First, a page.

In time, perhaps as my grip strength continues to increase, that balance range won’t be as narrow. Right now, it’s hard to get the right amount of grip versus relaxation so that everything “goes” as it should.
I feel like my abilities and strength finally reached the platform of a step on the learning curve where, suddenly, several things started working correctly.
With that “Eureka” successfully learned, I then turned my attention to trigger control and I have spent a couple of months (and a lot of brass) attempting to get rid of the jerk in all its front-sight twitching variants. In the past few days, literally, I think I’ve made a small breakthrough via a realization.
“Trigger Control” is a misnomer. You don’t control the trigger. Instead, it’s like riding a bicycle or driving a car with a stick shift and a clutch. Intellectually, you know exactly what you have to do, but there’s no way the mind can do it. The brain can help the body learn, but it just doesn’t work until the body “gets it” and can do it on its own. When my brain attempts to ride a bike, I crash, but when I let my body do it, I sail along just fine. In shooting, when that happens I — excuse me, gentlemen — giggle, “Wow, it’s working.” (And then “crash” my next shot cause I’ve start thinking about shooting again.)
When I shoot, the intellectual litany I repeat to myself now goes like this:
- Prove the stance (make sure I’m lined up, etc.),
- Two deep breaths, raise gun, exhale partially and hold,
- Pre-check sight alignment and picture (put it close to correct),
- Visualize rolling a cylinder with my trigger finger,
- Focus on the front sight, front sight, front sight …
And eventually the gun goes off — and it’s definately a surprise (when this works).
What I’m doing in step #4 will (hopefully) start the trigger finger on auto-pilot and then, in #5, I WILL NEVER THINK ABOUT THE TRIGGER AGAIN. That is, step #5 truly is a waiting game — when I do it the way I intend, [OH!] the gun goes off and I’m truly surprised. I know when I’ve done it right — I can feel it in my gut (and hear a giggle in my brain) and I *know* where the shot went on the target. I can call the shot — well, I can call the “o’clock” portion more often than which ring, but that’s real progress!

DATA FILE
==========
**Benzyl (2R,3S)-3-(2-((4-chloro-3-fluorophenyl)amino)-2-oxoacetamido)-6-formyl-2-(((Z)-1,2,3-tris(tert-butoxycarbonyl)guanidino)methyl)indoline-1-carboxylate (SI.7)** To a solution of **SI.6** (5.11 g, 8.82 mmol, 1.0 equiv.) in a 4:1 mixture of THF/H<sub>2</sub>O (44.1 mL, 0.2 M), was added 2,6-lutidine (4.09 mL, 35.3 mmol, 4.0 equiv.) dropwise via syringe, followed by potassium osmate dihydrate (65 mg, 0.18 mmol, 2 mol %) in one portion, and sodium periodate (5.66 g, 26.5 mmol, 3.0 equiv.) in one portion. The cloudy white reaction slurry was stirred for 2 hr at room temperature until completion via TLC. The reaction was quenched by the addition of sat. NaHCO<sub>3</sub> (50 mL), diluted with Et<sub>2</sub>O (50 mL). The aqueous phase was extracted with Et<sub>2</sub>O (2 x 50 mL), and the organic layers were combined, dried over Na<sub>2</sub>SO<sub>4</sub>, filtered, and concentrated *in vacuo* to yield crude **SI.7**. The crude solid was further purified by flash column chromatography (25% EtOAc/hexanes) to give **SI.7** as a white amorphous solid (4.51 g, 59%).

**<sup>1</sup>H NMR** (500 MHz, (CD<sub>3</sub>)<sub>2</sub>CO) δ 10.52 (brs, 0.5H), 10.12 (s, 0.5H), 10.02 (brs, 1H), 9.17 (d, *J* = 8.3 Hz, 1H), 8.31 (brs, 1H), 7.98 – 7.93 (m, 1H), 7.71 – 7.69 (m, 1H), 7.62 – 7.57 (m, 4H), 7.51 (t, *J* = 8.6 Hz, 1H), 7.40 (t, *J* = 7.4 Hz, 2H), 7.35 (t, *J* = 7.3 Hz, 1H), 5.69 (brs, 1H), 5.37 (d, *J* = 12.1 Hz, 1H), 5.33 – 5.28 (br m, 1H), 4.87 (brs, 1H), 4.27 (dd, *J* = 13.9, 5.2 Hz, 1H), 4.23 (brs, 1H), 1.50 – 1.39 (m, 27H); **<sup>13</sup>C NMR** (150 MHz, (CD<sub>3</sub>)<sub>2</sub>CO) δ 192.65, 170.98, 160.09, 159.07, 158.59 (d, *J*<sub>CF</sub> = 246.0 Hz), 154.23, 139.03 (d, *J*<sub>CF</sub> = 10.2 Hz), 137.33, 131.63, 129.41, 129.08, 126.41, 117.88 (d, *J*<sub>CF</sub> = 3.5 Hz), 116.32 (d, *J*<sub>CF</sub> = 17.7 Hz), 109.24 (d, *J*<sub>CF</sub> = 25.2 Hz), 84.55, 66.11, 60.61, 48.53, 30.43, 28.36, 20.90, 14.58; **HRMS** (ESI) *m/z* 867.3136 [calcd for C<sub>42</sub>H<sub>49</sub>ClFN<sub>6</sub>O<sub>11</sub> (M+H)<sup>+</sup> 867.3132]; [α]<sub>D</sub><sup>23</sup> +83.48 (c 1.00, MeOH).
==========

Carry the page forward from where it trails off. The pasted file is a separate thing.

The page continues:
During step #5, if my mind wanders to the trigger or if I hear myself wondering when the gun is going to go off, I (try to) abort the shot and start over. Hearing that thought and then aborting the shot are, of course, a challenge. I need to work at enhancing my multiple personalities so someone can do the monitoring while someone else watches the sights and the body *does* the trigger.
So, I shot nothing but the 45 for several months.
One day, in great frustration with the 45, I decided I needed some “feel good” shooting and I took out the 22 pistol. It took me a couple of targets to settle back into it but what I discovered was that although my shots weren’t particularly better, I found I could call very close to 100% of them. I *knew* where every shot was going. “Trigger Control” was happening. I was riding the bike!
And, for some reason, Timed Fire was suddenly much, MUCH better. Indeed, on the wall behind my desk at this very moment I have taped up a 98-2 TF target I shot June 28th in 22 cal. It was target #8 of the day. The two 9-ring holes are at 10 and 4 o’clocks and probably show some trigger finger position anomolies and just plain not lining up the sights. But the target is on my wall because I now know I will clean a target at some point. I can see that I can do it. On June 28th, I came within two points of doing exactly that. It will happen.
But my slow fire is only a little improved from before, and a lot of other shooters report a similar phenomenon, that their TF is much better than SF (or RF).
Something is going on, and my guess (theory) is that I’m not really holding the alignment when the shot goes. My conscious mind is attempting to hold it, to focus on the front sight, keep it centered in the rear sight with the tops of the sights in a straight line, and in the aiming area of the target, and …